What is your culture and ethos like at incsub?

If I said we were just making it up as we go along, would that sound bad? 😉

Because, in a way, that’s what we are doing, we’re growing quickly, trying to do the most exciting things we can do, making the most people happy we can, while thoroughly enjoying ourselves.

Which isn’t to say we’re not that grown up, we’ve been developing the company over the last six years, for the first first as a remote organisation with folk based all over the world, now that we’re really kicking into gear though it’s time to build a great Melbourne team, and this job is key to that happening.

The regular day at Incsub can start at 6, 9 or 12 – invariably you’ll always find a while bunch of other folk working on stuff in some corner of the World (there are 27 of us currently, in pretty much every continent) and it’ll most likley find you working on a whole bunch of different projects.

In addition to WPMU DEV there’s a new version of WP Plugins we’re rolling out, the leading WP news site on the web(!), Edublogs (top 10 in the World blog hosting site!) and a few super secret new projects too.

It can get frantic, it can also be quite peaceful (especially on Mondays when most folk are on Sunday evenings) but it’s never boring.

What do you love about WordPress?

Awwww, it’s the basis for so many things, Incsub is a contraction of ‘Incorporated Subversion’ and the thing about WP is that you can subvert it to do pretty much anything, much of it extremely well, and that’s what we’re the best in the World at doing.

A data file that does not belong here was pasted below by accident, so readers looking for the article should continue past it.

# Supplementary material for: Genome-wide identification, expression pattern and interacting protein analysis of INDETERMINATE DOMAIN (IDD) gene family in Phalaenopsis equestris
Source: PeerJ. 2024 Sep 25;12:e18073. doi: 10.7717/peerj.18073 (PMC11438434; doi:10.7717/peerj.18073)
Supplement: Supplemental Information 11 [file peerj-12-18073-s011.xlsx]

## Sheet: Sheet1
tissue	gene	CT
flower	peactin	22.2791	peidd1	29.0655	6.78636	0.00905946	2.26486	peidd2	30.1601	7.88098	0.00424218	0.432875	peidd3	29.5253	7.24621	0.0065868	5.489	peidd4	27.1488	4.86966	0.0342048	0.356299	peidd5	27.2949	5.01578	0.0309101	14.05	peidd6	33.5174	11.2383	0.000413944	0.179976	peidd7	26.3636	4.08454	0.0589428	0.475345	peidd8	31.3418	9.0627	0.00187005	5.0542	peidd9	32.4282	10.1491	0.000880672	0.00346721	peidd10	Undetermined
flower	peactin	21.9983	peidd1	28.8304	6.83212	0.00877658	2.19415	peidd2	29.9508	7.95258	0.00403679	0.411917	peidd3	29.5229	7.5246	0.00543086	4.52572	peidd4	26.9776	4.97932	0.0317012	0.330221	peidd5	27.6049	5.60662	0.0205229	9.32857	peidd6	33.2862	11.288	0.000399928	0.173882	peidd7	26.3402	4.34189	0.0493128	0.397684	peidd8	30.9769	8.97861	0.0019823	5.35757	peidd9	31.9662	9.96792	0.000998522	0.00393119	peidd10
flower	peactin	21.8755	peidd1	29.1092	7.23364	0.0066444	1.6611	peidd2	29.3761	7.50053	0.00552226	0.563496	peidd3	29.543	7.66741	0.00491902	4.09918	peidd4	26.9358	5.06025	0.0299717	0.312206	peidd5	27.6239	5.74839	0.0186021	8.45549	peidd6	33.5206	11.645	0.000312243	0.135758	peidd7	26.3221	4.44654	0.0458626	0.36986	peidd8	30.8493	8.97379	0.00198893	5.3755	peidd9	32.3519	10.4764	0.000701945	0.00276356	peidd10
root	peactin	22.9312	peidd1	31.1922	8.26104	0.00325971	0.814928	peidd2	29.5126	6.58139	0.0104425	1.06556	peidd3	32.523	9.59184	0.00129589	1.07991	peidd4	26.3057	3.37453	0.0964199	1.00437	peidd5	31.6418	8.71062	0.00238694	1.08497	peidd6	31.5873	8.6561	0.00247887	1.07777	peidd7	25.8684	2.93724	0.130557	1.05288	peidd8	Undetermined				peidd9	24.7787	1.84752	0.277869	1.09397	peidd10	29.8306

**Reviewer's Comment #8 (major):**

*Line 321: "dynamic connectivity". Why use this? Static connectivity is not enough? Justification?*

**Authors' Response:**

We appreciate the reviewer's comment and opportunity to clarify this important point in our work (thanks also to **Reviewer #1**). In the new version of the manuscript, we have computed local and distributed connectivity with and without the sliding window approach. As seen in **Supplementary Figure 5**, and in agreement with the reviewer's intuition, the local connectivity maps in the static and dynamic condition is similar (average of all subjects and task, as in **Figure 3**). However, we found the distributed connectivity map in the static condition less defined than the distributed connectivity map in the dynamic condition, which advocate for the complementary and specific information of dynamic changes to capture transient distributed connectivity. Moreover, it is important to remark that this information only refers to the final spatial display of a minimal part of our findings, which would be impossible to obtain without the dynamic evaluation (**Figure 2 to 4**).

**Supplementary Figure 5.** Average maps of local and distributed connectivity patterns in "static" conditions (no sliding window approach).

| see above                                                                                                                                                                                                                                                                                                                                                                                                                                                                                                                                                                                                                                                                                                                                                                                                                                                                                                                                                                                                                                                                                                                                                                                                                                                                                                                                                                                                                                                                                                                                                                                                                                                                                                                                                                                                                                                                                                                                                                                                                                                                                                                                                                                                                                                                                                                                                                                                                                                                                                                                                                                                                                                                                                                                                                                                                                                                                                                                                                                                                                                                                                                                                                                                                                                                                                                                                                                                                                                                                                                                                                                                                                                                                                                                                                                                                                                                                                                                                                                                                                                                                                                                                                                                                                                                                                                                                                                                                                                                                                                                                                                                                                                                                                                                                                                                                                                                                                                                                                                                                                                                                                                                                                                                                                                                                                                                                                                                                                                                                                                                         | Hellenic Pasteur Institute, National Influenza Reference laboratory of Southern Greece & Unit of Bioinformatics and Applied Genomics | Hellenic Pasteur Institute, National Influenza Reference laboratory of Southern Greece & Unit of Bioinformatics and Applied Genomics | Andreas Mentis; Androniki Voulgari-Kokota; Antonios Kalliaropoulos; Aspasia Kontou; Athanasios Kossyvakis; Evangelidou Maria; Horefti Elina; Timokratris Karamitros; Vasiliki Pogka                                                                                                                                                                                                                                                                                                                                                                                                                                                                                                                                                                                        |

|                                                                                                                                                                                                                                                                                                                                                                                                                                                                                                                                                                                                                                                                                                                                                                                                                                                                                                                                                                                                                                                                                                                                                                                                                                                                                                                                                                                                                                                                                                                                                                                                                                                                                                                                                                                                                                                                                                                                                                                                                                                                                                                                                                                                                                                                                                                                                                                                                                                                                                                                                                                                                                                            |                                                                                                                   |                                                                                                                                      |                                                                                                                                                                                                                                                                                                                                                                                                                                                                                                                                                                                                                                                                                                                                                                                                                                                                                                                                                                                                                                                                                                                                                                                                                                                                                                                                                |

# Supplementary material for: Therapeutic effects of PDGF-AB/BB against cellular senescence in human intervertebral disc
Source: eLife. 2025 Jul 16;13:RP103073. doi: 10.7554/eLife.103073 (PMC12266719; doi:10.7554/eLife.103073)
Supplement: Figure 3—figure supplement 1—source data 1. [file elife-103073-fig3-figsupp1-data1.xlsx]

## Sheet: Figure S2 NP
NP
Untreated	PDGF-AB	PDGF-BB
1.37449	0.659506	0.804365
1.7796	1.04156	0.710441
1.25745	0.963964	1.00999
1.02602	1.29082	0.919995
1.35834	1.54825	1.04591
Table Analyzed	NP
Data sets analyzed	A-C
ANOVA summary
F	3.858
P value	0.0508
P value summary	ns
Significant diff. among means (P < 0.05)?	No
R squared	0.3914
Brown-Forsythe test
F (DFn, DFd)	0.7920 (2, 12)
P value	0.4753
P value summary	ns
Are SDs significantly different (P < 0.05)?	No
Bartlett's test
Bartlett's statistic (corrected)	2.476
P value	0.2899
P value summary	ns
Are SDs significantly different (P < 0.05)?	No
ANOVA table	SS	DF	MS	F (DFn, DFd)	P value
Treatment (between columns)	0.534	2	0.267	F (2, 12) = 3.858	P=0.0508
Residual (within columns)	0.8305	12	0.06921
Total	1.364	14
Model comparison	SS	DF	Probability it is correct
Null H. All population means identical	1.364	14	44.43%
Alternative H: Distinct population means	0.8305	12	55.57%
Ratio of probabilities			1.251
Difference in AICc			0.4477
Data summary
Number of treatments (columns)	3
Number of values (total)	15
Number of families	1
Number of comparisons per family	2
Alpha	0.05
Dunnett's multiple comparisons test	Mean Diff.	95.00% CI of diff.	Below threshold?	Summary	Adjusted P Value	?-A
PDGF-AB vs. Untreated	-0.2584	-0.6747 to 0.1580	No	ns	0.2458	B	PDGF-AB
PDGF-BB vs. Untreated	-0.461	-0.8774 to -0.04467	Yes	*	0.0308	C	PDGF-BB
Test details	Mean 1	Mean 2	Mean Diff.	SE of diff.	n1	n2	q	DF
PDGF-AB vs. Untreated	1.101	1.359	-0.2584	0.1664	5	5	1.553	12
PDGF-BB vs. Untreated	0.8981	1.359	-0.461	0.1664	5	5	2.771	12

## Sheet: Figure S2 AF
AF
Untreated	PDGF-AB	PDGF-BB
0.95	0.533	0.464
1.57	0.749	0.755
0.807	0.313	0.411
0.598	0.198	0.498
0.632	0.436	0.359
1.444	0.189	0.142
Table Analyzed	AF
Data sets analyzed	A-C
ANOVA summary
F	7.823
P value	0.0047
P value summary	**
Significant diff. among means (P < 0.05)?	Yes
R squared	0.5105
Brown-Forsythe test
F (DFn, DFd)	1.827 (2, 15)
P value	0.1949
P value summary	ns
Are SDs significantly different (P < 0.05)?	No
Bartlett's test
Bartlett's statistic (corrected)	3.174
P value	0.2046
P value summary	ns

Which isn’t to say that I don’t like or admire other platforms, just that we’re teh WP folk. 🙂

What kind of person are you looking for to join the team?

Someone who’s energised, excited, creative and up for it – who doesn’t mind a challenge, loves putting their skills to the test, learning heaps and taking the initiative.

We’re all about folk taking the lead, and we’d like them to be super ambitious to make an impact… I mean we’re talking tens of millions of visitors here a month (hundreds of millions if you include our WPMU DEV members!), this is your chance to impact on their day to day experience.

What will they work on and create?

Everything and anything.

From brand new projects, to comprehensive user experiences, to revamping sites like Edublogs and creating brand new beautiful WordPress themes.

And from there, leading teams on new stuff, working closely with an amazing team of developers (want to learn PHP and more, now’s your chance!) and who know what else… our CTO (second in command) was a WPMU DEV member ad then junior developer just a few years ago!

How can people get in touch?

Just contact James and Victor with your web based portfolio: /

For more information visit:


For the full position description, click here for the document.